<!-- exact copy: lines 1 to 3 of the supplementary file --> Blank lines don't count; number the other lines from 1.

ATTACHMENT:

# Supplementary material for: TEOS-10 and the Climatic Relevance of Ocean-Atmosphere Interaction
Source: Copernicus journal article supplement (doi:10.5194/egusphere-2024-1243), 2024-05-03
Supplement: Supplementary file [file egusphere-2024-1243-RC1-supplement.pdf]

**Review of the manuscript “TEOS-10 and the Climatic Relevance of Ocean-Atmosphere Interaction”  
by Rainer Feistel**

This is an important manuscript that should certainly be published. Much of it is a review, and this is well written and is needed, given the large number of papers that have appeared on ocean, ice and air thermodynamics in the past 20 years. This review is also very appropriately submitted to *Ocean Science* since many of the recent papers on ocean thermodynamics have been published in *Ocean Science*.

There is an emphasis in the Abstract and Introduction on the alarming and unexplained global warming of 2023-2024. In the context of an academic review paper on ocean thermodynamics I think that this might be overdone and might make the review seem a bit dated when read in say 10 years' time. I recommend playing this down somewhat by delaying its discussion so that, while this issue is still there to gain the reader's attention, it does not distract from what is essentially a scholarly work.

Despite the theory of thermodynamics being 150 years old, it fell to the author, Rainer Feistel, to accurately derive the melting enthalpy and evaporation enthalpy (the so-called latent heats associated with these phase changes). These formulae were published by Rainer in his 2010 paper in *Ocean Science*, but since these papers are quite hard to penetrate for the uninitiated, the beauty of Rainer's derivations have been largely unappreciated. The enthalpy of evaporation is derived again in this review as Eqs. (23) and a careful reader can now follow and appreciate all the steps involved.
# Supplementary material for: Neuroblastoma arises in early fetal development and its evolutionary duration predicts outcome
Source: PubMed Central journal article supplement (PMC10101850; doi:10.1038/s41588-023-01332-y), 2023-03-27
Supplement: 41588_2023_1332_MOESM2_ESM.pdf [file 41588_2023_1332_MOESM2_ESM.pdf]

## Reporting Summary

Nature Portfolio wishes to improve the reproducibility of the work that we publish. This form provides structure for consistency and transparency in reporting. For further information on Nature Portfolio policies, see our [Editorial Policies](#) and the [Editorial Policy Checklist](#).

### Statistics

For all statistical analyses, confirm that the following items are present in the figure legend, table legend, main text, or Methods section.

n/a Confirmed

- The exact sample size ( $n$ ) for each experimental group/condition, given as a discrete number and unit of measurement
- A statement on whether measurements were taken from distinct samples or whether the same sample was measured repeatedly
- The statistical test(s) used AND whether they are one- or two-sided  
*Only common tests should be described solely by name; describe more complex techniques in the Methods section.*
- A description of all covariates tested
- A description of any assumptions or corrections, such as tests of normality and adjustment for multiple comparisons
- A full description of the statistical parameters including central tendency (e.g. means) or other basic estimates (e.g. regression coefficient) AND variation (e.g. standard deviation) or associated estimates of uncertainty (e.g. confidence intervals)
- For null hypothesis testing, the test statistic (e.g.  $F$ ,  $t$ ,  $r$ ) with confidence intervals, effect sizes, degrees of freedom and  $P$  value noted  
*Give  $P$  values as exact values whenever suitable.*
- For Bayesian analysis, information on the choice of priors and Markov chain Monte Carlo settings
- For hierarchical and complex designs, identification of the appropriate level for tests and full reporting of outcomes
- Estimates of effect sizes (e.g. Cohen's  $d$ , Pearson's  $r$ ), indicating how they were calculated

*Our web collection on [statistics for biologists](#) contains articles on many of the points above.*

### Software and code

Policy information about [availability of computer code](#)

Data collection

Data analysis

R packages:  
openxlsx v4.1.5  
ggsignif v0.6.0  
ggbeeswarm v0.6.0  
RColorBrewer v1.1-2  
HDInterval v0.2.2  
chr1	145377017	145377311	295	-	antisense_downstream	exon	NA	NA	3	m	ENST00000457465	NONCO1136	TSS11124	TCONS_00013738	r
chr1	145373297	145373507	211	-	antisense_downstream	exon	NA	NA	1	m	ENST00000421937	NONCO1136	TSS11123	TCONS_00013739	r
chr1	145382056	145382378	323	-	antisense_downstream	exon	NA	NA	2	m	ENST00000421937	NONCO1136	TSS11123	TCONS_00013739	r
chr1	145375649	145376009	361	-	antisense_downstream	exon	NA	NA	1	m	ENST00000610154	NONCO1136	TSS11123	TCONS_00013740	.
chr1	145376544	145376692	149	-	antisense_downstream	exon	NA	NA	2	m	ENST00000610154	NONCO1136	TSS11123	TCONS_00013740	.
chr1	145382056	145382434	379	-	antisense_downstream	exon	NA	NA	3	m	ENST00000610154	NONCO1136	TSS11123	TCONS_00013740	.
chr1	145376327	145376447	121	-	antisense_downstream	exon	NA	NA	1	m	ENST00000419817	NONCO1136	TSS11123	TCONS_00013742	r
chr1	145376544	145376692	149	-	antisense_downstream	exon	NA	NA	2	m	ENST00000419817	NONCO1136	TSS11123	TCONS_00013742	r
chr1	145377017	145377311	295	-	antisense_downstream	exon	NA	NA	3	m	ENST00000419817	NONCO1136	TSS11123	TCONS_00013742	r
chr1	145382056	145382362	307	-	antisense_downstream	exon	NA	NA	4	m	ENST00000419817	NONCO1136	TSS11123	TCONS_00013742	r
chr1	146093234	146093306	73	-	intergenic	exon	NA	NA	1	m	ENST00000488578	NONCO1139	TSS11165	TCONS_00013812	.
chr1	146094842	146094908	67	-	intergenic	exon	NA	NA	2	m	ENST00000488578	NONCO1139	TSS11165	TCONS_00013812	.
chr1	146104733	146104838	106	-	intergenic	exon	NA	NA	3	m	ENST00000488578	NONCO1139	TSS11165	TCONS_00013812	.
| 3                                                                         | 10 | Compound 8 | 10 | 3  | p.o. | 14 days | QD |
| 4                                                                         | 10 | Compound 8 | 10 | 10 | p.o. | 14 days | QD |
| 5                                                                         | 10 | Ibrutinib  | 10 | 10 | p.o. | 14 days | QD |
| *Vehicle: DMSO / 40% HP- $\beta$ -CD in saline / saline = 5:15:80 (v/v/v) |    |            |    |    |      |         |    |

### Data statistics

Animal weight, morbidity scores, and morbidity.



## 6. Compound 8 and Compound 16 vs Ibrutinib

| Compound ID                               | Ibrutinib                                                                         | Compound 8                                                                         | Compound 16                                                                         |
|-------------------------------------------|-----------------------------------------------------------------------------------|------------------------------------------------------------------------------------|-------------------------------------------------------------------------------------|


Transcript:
# Supplementary material for: TEOS-10 and the Climatic Relevance of Ocean-Atmosphere Interaction
Source: Copernicus journal article supplement (doi:10.5194/egusphere-2024-1243), 2024-05-03
Supplement: Supplementary file [file egusphere-2024-1243-RC1-supplement.pdf]